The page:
Sun, Jul 31, 2016 - Page 8 News List

Taipei Watcher: Could Taiwan be a little more gay?

Taiwan is listed 34 on the global Gay Happiness Index (GHI) for gay men, but there is still room for improvement

By Eddy Chang  /  Staff reporter

Two gay men kiss each other after finishing the registration process at a household registration office in Taichung on Oct. 1 last year on the first day of the city’s adoption of the new registration policy for same-sex couples.

Photo: Su Meng-chuan, Taipei Times

In May, PlanetRomeo, an online community and gay dating service for men, released its Gay Happiness Index (GHI) for gay men. Iceland topped the index with a score of 79 out of 100, while other Nordic countries Norway (77) and Denmark (76) took the second and third spot.

The index ranks countries on three criteria: public opinion, public behavior and life satisfaction. Uganda (20) at 127 was the unhappiest country for gay men. Taiwan (54) was listed 34 on the index, but there is still room for improvement.

Among Asian nations, the top three were Israel (71) at seven, Thailand (67) at 16 and then Taiwan. China (41) placed 63 on the index, which was slightly lower than South Korea (43) at 57 and one spot higher than Singapore (41) at 64.

THREE ‘HAPPY’ CRITERIA

Of the index’s three criteria, “public opinion” measures how gay men feel about society’s view on homosexuality, such as whether their country’s laws are positive (or negative) and whether they would kiss or hold hands with another man in public. Taiwan scored 45 points out of 100.

The “public behavior” category measures how gay men experience the way they are treated — family and workplace discrimination, for example, or verbal or physical abuse. Taiwan scored 63 points in this category.

How satisfied gay men are with their lives and whether they accept themselves, including whether they have or intend to move or change jobs on account of their sexual orientation, is measured by “life satisfaction.” Taiwan scored 55 points in this category.

These results show that there is room for improvement before lesbian, gay, bisexual and transgender (LGBT) people obtain a high degree of life satisfaction.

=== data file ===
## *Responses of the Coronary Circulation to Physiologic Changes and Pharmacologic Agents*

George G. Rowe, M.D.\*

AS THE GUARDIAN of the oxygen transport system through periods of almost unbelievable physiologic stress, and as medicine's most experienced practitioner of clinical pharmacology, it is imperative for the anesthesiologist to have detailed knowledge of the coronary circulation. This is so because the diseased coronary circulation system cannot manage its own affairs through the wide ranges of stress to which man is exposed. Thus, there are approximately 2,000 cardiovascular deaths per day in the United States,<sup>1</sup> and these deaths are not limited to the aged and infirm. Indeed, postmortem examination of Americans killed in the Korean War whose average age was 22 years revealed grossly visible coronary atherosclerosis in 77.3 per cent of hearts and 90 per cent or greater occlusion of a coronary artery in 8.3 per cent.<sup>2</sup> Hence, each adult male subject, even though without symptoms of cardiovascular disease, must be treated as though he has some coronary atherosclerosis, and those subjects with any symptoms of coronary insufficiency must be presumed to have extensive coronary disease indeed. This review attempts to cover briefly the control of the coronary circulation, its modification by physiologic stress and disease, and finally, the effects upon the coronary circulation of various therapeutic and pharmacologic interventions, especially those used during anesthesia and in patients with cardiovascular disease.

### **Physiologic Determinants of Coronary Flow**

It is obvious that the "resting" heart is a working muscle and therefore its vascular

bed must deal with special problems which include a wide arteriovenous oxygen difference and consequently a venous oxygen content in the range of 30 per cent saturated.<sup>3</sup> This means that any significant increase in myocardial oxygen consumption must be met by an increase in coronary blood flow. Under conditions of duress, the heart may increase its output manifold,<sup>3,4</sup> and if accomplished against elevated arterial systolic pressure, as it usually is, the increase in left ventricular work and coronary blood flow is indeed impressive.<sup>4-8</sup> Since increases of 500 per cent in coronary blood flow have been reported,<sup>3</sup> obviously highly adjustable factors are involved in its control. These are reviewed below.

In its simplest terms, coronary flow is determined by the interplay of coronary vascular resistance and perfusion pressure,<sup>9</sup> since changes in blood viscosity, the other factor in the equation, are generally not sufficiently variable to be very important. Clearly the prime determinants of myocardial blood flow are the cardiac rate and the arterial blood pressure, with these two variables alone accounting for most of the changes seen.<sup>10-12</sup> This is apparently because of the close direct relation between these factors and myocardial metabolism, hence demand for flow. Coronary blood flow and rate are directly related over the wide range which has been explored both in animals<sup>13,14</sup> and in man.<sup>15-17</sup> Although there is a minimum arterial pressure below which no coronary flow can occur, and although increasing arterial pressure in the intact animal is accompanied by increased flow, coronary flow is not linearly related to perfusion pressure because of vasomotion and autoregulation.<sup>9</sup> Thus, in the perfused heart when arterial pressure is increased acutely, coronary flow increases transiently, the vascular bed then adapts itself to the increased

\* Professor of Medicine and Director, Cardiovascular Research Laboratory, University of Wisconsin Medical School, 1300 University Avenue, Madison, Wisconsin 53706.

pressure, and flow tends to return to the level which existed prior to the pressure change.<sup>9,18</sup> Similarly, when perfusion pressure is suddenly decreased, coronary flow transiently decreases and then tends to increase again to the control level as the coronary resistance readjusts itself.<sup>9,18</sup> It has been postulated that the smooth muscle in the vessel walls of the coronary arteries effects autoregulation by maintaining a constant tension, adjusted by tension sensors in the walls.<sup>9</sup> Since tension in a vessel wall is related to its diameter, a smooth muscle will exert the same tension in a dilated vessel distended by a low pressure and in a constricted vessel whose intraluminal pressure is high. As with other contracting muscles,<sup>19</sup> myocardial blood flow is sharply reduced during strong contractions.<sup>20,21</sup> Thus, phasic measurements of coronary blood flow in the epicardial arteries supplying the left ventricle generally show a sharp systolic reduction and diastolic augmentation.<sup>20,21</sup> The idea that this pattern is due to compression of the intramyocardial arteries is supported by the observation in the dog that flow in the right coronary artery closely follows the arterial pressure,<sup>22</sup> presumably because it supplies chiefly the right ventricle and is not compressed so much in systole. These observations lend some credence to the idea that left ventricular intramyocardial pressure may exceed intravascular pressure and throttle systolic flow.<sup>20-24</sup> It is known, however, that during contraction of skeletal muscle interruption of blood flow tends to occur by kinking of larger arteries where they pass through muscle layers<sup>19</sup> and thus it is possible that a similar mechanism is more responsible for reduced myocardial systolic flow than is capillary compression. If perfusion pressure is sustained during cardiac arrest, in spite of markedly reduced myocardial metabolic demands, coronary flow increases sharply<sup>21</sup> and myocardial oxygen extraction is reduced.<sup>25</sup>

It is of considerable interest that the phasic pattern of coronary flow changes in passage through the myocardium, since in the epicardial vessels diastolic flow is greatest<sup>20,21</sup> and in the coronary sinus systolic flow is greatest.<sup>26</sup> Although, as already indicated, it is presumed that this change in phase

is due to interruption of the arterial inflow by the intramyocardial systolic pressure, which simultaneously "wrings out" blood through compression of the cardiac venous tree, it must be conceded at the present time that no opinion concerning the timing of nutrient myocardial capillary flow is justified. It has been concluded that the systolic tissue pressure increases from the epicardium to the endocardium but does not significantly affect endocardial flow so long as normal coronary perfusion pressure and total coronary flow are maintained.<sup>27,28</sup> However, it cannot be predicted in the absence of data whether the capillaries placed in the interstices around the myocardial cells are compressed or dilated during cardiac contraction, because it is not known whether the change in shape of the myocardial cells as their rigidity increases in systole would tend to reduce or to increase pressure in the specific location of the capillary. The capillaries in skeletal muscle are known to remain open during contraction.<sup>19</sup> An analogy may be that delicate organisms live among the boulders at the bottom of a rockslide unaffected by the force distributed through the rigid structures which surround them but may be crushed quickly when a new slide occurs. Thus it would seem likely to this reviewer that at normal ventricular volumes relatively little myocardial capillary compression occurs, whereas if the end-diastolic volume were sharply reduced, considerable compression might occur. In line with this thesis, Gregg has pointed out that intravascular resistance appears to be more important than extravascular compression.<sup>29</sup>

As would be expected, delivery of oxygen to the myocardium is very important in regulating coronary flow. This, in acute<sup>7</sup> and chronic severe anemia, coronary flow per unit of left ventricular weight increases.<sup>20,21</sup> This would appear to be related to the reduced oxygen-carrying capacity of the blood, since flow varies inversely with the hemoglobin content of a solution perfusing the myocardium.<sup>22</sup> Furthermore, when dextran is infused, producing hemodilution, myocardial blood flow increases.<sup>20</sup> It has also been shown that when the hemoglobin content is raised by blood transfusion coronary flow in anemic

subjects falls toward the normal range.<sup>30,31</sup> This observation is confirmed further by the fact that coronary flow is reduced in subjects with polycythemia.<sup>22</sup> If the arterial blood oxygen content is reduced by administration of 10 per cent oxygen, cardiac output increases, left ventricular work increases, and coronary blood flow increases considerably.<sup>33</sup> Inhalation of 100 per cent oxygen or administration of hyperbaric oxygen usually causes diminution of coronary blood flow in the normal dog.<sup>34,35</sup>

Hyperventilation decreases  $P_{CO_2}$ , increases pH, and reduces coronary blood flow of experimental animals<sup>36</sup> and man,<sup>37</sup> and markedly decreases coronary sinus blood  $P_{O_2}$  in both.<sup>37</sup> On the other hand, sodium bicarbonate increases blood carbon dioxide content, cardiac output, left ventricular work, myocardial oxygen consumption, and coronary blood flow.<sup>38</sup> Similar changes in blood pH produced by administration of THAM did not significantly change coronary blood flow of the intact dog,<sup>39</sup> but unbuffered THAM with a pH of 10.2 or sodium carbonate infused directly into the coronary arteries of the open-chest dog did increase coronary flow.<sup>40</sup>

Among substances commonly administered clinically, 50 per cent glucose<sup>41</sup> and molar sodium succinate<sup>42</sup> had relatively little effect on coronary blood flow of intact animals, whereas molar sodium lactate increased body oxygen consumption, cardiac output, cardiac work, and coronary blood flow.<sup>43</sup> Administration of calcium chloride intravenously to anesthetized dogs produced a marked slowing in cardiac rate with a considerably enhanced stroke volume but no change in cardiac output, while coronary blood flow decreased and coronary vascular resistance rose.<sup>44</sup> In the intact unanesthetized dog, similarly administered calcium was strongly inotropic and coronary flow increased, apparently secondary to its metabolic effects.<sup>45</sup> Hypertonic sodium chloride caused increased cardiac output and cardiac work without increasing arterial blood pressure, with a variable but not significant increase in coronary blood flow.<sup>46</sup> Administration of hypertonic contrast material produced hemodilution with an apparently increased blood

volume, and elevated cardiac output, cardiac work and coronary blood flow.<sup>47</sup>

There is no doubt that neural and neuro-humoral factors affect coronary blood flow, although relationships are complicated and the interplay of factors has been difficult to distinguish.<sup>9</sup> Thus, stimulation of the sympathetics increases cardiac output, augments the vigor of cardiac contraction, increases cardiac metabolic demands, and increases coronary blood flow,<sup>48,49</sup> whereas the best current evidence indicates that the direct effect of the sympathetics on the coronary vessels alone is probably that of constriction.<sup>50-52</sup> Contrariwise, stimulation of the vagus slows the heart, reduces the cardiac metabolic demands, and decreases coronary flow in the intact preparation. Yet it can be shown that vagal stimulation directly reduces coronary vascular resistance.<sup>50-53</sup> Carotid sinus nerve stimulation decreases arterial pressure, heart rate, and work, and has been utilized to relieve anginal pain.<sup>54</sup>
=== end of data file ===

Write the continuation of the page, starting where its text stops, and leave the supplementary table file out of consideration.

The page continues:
“The GHI ranking correlates with the scale of democratic societies and freedom to autocratic countries and human rights violations,” the company says. “The GHI is not only about the happiness of gay men, it can also be seen as a powerful indicator for the general development of freedom, justice and security in a country.”

The company adds that low-ranking countries “are known for having a negative view towards basic human freedoms in society.”

NO MORE DELAYS

The situation facing LGBT people in Taiwan has gradually improved. Ever since Kaohsiung launched its “sunshine registration” (陽光註記) policy to allow semi-official registration of same-sex couples at its household registration offices in May last year, many of the nation’s cities and counties have followed suit.

Over the past year, all six municipalities — Taipei, New Taipei City, Taoyuan, Taichung, Tainan and Kaohsiung — as well as Chiayi City, Changhua County, Hsinchu County and Yilan County have adopted the registration policy, which accounts for 79.8 percent of the nation’s total population. This actually gives registered gay couples some of the rights enjoyed by married heterosexual couples, including being allowed to make certain medical decisions and sign formal documents for their partners.

President Tsai Ing-wen (蔡英文) promised to protect LGBT people’s equal rights in the lead up to the elections in January. Unfortunately, Tsai changed her position three months after being elected, stating that the legalization of same-sex marriage has to be based on “the blessing of the whole society” (整體社會的祝福).

Although the local governments have moved in a progressive direction, the central government has failed to put the LGBT issue on its legislative priority list, borrowing the previous government’s talking point that society has to reach a “consensus” on the issue before amending the law. What “consensus” does her administration need before taking action, and how many more years will the delay continue? Its determination to protect LGBT people’s human rights seems questionable.

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